Cretes, Lydia, Greece, and Persia

 

 

Crete

Drawing Lucien Rousselot, engraving Ludwig Frank and Hans Lecke, edition Raul Gerard/Österreicher (by Neckel today), Retter and Hafer.

 

Lydia

Drawing Ludwig Madlener, engraving Ludwig Frank, edition Retter, Neckel and Hafer.

 

Greece and Persia

Engraving K.F. Mohr except for man watching, engraving Ludwig Frank, edition Alfred Retter.

Close up of Alexander. Note that he had dark hair, not blond as many moderna paintings. His COMPLEXION was light, not his hair.

Alexander the Great's victory in the battle of Issos was the key to his conquest of Asia. The present figures are taken from a Roman mosaic. It depicts the highligt of the battle, when Alexander in white with his lance lowered is aiming to the persian king Darius' son who has come down from his horse. The Great King himself is fleeing in his golden chariot drawn by four powerful horses and his face shows fear and dispair.

Drawing Ludwig Madlener, engraving Ludwig Frank, Karl F. Mohr, editions Retter, Cortum, Ochel, Raul Gerard/Österreicher ( Neckel) and Hafer.


Antiochus III The Great (242–187 B.C.) king of the Seleukid empire from 223 B.C. to the 3rd of July 187 B.C. He was the most important personality in the Hellenistic world inbetween the time of Alexander The Great and Julius Caesar.

Antiochus The Great was a son to Seleukos II, whos grandfather's father was the famous Seleukos Nikator (Seleukos I), one of the commanders of Alexander the Great. After Alexander's death Seleukos Nikator became king over Syria, Babylonia, Susiana och Media, i.e. the greater part of Alexander's former giant empire. It was virtually this realm which Antiochus The Great inherited and which he also widly enlarged by connecting Fenicia, Palestine and southern Syria to the former areas. In the west, in Asia Minor, he restored the supremacy of his kingdom and also conquered Thrace.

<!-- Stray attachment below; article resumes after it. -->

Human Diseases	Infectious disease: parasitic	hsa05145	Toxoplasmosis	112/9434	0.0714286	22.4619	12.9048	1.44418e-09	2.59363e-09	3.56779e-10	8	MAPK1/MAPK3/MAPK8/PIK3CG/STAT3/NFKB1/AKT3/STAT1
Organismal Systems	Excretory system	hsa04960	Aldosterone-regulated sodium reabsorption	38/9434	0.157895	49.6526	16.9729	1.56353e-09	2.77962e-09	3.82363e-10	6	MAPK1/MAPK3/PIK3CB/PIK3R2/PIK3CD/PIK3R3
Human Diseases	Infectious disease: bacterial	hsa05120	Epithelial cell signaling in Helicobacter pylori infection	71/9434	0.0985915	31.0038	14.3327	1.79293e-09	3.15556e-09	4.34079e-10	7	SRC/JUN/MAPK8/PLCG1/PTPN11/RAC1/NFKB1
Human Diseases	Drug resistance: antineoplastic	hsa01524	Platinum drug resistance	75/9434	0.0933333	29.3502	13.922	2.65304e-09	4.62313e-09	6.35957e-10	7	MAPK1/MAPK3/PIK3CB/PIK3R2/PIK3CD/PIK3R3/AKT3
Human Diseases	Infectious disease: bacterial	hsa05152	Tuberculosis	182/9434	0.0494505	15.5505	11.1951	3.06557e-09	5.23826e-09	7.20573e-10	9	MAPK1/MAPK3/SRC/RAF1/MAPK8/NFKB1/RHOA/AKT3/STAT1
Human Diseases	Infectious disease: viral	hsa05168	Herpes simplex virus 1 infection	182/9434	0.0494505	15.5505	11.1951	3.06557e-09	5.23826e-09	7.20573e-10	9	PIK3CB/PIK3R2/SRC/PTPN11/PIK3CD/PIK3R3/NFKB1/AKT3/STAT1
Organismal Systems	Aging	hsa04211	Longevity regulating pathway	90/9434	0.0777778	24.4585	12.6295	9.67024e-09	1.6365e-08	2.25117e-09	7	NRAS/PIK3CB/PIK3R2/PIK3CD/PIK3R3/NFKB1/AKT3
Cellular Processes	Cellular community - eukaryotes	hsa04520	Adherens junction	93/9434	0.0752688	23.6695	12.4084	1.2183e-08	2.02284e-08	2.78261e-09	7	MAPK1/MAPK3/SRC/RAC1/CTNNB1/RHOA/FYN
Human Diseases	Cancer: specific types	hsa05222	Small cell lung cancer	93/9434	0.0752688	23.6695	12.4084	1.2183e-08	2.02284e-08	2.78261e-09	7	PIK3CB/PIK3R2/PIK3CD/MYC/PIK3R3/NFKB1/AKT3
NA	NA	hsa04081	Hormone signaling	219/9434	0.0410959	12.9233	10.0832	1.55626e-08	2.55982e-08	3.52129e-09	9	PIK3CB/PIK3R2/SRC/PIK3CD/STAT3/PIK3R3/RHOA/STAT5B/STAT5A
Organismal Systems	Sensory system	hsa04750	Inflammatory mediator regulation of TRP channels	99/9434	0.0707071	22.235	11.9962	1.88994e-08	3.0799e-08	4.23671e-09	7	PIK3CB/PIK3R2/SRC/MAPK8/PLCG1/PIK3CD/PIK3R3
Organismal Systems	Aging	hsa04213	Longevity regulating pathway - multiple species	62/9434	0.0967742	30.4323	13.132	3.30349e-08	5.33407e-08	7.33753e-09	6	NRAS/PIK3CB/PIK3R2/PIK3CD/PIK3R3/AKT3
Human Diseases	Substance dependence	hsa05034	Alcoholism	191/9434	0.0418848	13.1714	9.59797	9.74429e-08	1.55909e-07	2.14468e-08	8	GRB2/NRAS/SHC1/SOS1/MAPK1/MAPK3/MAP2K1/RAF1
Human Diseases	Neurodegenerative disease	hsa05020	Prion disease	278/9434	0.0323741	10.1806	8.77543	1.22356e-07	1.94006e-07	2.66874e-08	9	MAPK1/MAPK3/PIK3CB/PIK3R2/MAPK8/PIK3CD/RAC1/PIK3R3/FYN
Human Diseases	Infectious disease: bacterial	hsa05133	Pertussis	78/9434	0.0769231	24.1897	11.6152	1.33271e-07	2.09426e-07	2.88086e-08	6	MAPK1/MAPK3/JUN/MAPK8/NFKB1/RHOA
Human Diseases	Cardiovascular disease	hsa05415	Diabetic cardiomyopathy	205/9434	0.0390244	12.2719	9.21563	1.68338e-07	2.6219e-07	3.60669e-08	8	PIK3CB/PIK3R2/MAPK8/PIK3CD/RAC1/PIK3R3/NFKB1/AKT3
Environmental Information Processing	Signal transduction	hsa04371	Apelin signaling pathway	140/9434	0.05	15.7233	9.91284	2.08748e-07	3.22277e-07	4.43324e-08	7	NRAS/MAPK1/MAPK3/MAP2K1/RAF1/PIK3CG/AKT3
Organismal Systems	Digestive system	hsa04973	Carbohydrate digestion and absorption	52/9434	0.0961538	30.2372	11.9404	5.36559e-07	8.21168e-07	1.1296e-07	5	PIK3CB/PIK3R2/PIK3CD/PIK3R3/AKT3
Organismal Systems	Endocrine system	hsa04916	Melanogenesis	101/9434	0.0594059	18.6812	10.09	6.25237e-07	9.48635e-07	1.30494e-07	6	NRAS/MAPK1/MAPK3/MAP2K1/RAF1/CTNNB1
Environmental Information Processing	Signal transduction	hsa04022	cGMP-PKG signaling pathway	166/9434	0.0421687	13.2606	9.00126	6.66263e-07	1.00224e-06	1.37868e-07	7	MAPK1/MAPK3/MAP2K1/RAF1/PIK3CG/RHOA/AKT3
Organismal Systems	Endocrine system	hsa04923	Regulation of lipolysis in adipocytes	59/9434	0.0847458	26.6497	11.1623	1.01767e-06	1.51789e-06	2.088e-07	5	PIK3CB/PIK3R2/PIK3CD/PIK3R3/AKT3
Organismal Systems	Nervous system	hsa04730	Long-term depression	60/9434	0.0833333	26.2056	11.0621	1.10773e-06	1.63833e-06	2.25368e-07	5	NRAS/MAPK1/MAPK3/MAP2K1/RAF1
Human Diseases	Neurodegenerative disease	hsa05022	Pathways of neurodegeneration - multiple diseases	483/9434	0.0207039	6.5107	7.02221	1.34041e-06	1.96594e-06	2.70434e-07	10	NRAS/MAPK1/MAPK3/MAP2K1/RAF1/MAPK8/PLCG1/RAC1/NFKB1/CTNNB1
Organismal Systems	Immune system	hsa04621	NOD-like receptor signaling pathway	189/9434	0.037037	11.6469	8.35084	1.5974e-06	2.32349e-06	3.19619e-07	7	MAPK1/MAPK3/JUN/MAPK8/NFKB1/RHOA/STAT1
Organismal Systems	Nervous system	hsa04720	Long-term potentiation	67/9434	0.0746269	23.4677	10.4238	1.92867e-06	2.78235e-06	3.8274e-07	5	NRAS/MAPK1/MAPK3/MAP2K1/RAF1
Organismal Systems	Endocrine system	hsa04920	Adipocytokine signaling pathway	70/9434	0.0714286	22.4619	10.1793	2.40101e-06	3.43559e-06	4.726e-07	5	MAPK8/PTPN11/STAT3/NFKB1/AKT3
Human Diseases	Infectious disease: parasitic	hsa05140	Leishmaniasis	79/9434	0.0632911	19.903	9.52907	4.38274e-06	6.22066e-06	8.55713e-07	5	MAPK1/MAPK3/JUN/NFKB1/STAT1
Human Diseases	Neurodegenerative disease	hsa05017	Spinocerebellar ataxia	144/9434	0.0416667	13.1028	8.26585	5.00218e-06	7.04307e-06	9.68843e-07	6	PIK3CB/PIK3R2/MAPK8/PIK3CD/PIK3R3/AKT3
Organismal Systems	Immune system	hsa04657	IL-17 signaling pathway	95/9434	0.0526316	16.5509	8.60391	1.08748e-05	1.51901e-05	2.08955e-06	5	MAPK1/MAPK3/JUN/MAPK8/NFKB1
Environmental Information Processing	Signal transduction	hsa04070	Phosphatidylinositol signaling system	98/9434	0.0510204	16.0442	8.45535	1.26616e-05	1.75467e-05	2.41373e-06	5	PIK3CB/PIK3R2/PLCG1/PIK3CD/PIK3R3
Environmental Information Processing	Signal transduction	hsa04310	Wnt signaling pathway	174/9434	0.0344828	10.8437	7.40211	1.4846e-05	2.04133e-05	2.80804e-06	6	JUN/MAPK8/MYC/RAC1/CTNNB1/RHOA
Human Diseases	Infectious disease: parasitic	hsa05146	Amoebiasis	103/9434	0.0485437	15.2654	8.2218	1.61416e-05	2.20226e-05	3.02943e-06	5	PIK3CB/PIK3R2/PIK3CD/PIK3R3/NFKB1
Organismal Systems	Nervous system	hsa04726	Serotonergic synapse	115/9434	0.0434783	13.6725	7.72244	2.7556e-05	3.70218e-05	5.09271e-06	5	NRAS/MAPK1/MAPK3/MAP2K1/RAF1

His kingdom challenged Egypte, Carthage, Makedonia and Rom for supremacy. In the beginning he had important military and political succes but finally he lost against Rome and was forced to give up the conquests in west and to pay a yearly tribute of 15 000 silver talents, an immense sume for the time. Antiochus The Great was killed when trying to rob a temple in Persia to get hold of money to pay Rome with.

Figures: Drawing Krischen, engraving Ludwig Frank, editor Gottstein.

 

 

Drawings Krischen, Madlener, engravings Ludwig Frank, Otto Thieme, Hans Lecke, editions Retter, Ochel, Raul Gerard/Österreicher (Neckel) and Hafer.